Sometimes an inside joke is a one-liner. And sometimes it takes the form of an entire movie. "Napoleon Dynamite," this year's surprise crowd-pleaser at the Sundance Film Festival, is a giant inside joke for those who know the peculiarities of rural Idaho.
The film's already a phenomenon, especially in Utah. 24-year-old director Jared Hess penned the script with his wife Jerusha; the two both studied film at Brigham Young University. The standards of that institution are apparent in "Napoleon Dynamite," which garnered national attention for being entertaining without including a single swearword.
The movie stars another former BYU student, John Heder, as Napoleon, a supremely geeky loner growing up in Preston, Idaho. Not much happens to Napoleon. He simply gets up, goes to school, and tries to make it through another day.
He lives with his brother, Kip (Aaron Ruell), a 30-year-old deadbeat who spends roughly half his day "chatting with babes" on the internet. He also lives with his grandmother, who's recently been injured in an accident on the sand dunes. Due to grandma's condition, Uncle Rico (Jon Gries), who normally resides in a van, comes to stay with Kip and Napoleon.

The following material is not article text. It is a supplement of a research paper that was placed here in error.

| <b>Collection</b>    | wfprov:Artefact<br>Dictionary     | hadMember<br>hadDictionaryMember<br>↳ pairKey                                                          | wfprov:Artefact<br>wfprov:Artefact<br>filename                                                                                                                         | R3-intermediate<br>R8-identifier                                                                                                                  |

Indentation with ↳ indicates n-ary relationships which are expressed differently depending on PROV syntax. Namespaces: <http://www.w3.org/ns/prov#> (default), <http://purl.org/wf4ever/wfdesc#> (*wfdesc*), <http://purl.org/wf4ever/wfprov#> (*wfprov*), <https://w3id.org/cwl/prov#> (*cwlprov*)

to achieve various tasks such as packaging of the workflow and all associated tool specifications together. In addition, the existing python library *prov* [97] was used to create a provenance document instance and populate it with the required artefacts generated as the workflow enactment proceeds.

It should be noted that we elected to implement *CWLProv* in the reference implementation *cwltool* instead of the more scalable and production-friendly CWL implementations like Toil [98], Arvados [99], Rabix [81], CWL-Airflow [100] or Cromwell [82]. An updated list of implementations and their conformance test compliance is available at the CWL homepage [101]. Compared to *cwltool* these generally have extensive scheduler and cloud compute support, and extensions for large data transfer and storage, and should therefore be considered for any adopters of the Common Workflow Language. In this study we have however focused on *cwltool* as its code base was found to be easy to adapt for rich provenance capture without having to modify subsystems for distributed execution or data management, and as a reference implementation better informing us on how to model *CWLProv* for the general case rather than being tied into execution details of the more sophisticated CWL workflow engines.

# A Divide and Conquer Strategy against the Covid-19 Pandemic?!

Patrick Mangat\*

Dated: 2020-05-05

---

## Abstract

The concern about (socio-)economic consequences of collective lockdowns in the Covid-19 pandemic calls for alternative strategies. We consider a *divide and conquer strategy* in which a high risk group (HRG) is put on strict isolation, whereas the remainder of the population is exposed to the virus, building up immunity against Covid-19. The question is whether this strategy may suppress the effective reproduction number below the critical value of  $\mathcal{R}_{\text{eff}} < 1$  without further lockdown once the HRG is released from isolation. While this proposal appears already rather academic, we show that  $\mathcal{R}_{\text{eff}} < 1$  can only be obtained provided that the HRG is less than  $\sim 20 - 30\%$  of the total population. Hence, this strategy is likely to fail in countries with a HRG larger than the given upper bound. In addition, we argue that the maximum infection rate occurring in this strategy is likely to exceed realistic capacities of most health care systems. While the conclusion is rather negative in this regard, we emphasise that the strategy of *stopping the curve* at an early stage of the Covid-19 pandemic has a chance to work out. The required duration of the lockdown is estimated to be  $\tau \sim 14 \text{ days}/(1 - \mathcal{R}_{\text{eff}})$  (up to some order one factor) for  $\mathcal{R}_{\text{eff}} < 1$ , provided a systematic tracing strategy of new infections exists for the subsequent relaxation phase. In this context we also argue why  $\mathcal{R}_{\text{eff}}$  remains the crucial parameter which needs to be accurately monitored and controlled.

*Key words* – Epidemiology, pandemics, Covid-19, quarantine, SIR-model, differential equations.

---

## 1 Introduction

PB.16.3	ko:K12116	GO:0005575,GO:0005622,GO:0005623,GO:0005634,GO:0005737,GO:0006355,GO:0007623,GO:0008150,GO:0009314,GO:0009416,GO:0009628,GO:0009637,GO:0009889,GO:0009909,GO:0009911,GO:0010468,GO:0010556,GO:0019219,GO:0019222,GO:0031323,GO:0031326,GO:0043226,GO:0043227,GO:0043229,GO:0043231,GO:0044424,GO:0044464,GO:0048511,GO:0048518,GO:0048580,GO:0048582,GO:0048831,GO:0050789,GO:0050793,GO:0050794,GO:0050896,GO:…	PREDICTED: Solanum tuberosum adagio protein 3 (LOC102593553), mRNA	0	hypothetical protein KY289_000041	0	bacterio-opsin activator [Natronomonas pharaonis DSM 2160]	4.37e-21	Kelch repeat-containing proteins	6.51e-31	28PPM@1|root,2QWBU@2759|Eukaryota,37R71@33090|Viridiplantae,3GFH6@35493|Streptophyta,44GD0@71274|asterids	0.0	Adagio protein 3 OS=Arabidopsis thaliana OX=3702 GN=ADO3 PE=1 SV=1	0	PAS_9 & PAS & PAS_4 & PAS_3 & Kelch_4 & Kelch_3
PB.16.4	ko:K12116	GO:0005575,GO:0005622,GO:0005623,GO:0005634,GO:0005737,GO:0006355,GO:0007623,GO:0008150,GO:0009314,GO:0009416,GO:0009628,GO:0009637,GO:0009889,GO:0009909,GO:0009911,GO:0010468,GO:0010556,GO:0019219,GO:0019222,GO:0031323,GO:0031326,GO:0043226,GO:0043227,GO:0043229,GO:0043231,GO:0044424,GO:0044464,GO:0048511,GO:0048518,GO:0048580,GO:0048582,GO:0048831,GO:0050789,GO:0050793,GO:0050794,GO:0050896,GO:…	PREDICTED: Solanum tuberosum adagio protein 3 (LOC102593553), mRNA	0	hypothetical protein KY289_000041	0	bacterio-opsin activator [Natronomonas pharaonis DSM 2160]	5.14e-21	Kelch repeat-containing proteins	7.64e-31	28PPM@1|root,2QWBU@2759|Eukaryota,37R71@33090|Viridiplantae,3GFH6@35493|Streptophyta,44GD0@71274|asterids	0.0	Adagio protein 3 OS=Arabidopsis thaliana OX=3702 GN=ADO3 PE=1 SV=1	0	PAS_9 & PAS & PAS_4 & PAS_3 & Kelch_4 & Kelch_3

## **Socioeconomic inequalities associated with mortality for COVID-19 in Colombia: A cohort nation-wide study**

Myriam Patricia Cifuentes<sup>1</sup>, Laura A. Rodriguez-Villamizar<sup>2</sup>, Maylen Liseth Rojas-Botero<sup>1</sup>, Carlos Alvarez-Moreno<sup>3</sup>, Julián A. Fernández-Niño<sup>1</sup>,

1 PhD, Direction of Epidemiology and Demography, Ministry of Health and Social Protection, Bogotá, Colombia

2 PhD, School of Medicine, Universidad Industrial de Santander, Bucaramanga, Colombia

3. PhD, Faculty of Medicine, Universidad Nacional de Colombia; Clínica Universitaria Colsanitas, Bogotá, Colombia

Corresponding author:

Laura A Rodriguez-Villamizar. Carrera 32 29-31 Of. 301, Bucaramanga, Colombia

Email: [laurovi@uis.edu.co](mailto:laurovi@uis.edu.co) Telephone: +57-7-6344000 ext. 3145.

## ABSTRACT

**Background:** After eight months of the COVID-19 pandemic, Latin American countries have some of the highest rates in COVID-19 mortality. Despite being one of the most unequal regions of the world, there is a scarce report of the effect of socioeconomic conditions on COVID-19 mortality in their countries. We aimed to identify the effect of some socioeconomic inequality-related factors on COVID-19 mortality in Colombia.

Kip's fine with the idea, and together Uncle Rico and Kip hatch a brilliant plan to sell various items door-to-door. Napoleon's peeved by the whole affair, especially at having to listen to Uncle Rico's regrets about not becoming a pro football player. Uncle Rico's also making it a lot harder for Napoleon to make and maintain relationships with various teenage love interests.
In the midst of all this, Napoleon becomes friends with Pedro (Efren Ramirez), who wants to run for class president against the most popular girl in school, Summer (Haylie Duff). With the help of an odd and insecure classmate named Deb (Tina Majorino), the three build a hilarious campaign against Summer.
"Napoleon Dynamite" doesn't go anywhere. But lack of a tangible storyline actually serves as a viable dramatic devise depicting the absolute nothingness of life in rural communities. Events can come in the form of a lame fist fight, a violent encounter with a cow, or a school dance. Nothing really ever happens, and that's the entire story of Napoleon's life.
Heder's deadpan performance as Napoleon is crucial to the success of the film. Very few could have played such a bleakly oblivious geek with such pizzazz--and also have the ability to perform a so-bad-it's-good-retro-dance scene.
If you get the inside joke of "Napoleon Dynamite," you might consider this one of the funniest movies of the year. Ricks College t-shirts, FFA events, wood-paneled living rooms, ATV accidents at the sand dunes, trips to D.I.--it's all here, and it'll make you laugh yourself sick.
There's not a single uncomfortable or inappropriate moment in the film's entire running time. That in itself is a major victory against the typical Hollywood assumption that a film has to be offensive to be funny and/or entertaining.